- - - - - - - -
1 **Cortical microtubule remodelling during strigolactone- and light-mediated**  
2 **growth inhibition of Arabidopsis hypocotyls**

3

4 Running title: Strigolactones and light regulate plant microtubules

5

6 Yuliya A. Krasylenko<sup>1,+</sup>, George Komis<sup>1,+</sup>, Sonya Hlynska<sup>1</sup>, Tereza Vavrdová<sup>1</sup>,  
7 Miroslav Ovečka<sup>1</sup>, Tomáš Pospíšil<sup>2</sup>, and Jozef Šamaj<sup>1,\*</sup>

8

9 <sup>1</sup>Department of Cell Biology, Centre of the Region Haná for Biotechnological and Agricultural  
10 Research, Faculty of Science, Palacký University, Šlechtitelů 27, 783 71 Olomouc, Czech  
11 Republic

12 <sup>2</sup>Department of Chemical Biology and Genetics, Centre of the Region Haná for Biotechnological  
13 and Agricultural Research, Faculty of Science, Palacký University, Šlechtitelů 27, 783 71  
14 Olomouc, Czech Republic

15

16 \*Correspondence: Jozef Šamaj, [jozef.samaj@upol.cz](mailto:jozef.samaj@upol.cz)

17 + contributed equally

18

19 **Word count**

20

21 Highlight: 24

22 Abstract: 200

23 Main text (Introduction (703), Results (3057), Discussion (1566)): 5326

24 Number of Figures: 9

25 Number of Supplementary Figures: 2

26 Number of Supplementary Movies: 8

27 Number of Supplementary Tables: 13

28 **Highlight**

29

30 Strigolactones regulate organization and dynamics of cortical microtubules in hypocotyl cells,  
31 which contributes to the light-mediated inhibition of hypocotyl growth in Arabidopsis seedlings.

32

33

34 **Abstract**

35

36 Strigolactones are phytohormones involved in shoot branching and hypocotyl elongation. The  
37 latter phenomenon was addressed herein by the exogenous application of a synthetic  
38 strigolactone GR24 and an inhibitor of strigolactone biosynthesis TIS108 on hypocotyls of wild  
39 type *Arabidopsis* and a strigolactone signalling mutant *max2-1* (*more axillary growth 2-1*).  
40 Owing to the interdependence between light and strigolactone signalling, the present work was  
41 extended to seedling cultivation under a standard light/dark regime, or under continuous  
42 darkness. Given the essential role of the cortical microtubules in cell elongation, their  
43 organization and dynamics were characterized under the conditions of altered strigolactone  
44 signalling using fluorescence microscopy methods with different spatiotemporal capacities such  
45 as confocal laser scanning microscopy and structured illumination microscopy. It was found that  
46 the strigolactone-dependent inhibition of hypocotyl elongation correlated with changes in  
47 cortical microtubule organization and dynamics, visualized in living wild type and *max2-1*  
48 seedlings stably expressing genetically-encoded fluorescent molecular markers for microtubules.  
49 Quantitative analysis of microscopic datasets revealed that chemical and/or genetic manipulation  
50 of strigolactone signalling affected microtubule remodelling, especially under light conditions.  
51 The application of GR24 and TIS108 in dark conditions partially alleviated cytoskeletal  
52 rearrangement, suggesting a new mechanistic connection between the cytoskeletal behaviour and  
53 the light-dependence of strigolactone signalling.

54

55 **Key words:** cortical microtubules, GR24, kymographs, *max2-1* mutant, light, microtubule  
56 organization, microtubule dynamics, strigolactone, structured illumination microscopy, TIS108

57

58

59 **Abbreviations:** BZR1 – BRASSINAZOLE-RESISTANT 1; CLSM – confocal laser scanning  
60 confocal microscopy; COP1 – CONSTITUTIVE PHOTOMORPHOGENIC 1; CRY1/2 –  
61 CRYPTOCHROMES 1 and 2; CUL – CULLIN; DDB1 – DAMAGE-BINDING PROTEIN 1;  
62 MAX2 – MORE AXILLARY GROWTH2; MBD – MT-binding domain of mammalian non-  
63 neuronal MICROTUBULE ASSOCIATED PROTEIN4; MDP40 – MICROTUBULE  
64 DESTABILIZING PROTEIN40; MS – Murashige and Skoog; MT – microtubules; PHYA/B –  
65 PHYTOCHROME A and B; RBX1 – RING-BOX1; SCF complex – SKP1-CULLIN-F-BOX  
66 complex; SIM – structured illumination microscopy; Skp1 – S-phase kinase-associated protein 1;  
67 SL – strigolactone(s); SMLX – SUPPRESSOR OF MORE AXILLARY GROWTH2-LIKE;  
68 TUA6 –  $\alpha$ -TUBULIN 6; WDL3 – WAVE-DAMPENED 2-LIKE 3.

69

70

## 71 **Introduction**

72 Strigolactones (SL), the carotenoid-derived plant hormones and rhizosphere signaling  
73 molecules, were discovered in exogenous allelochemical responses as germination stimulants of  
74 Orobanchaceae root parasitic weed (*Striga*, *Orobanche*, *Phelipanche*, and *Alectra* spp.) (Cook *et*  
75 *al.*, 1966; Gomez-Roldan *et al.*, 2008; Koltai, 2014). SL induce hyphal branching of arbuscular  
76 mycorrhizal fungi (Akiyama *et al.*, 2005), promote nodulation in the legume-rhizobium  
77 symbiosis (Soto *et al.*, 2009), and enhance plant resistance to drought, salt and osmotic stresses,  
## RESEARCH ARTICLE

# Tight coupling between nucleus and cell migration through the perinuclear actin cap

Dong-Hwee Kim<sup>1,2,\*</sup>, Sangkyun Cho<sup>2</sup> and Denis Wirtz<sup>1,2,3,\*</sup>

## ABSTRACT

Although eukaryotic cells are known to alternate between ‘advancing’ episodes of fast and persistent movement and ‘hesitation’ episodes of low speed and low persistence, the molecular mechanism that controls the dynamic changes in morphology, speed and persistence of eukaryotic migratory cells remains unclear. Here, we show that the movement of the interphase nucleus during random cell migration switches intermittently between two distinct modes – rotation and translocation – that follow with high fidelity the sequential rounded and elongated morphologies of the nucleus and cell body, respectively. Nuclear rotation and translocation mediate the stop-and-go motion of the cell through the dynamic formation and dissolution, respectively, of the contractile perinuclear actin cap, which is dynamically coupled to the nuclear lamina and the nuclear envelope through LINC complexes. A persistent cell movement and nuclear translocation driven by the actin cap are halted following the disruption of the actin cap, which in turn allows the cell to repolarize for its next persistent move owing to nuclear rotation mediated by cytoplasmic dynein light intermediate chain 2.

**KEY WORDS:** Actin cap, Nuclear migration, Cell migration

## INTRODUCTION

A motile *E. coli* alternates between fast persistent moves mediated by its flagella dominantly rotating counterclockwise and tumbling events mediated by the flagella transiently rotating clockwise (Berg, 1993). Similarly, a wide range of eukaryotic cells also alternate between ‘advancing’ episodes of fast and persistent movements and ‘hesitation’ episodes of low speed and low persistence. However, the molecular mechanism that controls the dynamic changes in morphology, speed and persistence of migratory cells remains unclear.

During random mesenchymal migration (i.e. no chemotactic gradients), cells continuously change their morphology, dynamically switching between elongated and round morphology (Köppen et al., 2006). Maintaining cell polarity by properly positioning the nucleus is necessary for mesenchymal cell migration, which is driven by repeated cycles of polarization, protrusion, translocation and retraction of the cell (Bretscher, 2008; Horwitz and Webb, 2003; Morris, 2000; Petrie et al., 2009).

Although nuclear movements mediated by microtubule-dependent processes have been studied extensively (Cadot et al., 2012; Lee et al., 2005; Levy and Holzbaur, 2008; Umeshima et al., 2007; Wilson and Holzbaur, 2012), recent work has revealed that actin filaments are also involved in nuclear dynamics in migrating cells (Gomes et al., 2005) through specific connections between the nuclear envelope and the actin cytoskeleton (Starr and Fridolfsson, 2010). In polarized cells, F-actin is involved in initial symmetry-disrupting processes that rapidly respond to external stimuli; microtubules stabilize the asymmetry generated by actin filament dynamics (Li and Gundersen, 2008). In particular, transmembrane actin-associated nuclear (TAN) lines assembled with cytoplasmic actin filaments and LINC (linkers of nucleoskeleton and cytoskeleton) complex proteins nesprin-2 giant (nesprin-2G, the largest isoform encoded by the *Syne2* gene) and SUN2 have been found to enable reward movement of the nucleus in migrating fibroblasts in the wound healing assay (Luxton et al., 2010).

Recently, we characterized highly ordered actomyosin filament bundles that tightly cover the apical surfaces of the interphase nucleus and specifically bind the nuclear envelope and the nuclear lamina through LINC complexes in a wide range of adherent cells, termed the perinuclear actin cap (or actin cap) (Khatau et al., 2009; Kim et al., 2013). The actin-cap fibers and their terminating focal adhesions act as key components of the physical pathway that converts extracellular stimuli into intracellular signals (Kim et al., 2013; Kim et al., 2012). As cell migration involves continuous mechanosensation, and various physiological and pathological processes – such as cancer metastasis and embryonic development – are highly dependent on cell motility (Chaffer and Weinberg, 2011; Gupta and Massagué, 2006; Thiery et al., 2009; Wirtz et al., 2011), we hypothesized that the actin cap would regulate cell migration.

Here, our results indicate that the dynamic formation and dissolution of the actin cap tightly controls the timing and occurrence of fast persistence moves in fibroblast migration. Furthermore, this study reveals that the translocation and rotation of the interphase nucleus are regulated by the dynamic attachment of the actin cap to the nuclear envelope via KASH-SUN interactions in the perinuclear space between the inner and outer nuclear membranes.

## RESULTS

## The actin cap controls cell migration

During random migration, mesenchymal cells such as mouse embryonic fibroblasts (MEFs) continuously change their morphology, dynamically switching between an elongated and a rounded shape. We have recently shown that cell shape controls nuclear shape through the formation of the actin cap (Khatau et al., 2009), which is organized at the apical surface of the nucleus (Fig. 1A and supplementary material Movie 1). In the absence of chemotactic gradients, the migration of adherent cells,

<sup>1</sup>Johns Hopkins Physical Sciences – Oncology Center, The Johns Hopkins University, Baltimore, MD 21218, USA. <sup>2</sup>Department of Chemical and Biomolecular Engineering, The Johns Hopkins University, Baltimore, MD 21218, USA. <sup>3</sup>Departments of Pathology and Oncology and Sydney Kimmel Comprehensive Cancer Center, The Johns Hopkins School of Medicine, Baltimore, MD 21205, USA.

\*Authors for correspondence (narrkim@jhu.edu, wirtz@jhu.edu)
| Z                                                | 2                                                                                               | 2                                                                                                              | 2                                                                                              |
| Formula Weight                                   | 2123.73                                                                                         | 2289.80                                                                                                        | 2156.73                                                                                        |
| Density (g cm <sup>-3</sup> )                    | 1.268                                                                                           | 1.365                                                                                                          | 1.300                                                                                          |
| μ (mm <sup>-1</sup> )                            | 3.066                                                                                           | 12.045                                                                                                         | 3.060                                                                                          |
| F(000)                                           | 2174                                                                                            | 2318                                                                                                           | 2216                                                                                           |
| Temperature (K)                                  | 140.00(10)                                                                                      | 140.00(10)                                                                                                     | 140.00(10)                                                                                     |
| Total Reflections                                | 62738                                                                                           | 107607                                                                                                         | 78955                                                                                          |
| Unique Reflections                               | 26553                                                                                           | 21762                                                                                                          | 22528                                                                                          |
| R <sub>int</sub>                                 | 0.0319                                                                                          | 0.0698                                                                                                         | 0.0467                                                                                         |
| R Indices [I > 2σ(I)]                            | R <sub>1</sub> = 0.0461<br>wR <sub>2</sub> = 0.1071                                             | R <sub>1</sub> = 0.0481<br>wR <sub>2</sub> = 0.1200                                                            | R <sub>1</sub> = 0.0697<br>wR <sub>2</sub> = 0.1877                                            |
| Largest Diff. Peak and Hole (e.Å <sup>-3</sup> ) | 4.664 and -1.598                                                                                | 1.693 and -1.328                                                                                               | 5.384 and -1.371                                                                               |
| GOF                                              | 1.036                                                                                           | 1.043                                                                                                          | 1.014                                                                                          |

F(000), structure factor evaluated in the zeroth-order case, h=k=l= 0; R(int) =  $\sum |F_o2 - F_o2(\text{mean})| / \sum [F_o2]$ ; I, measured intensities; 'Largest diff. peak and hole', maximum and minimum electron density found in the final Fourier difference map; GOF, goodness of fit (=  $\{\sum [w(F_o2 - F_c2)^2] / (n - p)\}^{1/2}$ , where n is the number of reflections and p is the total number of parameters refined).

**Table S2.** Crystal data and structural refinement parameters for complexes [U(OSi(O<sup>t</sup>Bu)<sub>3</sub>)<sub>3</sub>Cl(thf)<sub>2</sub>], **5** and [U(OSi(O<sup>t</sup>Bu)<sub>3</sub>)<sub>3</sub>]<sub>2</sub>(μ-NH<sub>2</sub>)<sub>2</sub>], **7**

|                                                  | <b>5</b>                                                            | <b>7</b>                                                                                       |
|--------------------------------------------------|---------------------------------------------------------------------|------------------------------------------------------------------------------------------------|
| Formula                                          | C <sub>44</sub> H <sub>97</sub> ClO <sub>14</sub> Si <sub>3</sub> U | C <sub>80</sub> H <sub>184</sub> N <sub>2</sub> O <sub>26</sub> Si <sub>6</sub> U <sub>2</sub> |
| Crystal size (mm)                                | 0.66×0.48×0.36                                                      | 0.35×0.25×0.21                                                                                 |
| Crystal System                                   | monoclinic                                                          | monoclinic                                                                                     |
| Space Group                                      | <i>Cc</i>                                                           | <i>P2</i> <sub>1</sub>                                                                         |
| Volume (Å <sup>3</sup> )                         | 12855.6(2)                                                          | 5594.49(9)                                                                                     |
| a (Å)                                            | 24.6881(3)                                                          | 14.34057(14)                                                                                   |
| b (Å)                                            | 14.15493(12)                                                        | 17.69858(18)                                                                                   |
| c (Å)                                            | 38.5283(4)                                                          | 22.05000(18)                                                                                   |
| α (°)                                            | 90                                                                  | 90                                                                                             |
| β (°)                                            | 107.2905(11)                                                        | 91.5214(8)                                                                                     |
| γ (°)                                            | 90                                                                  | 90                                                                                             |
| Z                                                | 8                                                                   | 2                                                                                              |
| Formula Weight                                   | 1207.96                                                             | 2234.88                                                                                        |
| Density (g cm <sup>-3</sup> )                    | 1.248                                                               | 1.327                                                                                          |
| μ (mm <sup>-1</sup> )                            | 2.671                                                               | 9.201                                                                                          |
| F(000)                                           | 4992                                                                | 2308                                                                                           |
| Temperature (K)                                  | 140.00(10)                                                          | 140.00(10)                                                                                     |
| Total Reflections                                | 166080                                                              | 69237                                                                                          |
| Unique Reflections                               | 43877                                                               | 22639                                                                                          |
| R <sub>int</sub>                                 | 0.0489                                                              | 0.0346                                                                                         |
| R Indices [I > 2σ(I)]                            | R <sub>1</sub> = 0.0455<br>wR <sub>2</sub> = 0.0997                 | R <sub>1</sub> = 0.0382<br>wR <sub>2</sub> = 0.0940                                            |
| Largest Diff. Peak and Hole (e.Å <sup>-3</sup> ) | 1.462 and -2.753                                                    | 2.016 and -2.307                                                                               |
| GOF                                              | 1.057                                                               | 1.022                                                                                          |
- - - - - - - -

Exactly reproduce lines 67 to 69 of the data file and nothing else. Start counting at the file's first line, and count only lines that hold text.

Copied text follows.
67 SL – strigolactone(s); SMLX – SUPPRESSOR OF MORE AXILLARY GROWTH2-LIKE;  
68 TUA6 –  $\alpha$ -TUBULIN 6; WDL3 – WAVE-DAMPENED 2-LIKE 3.

69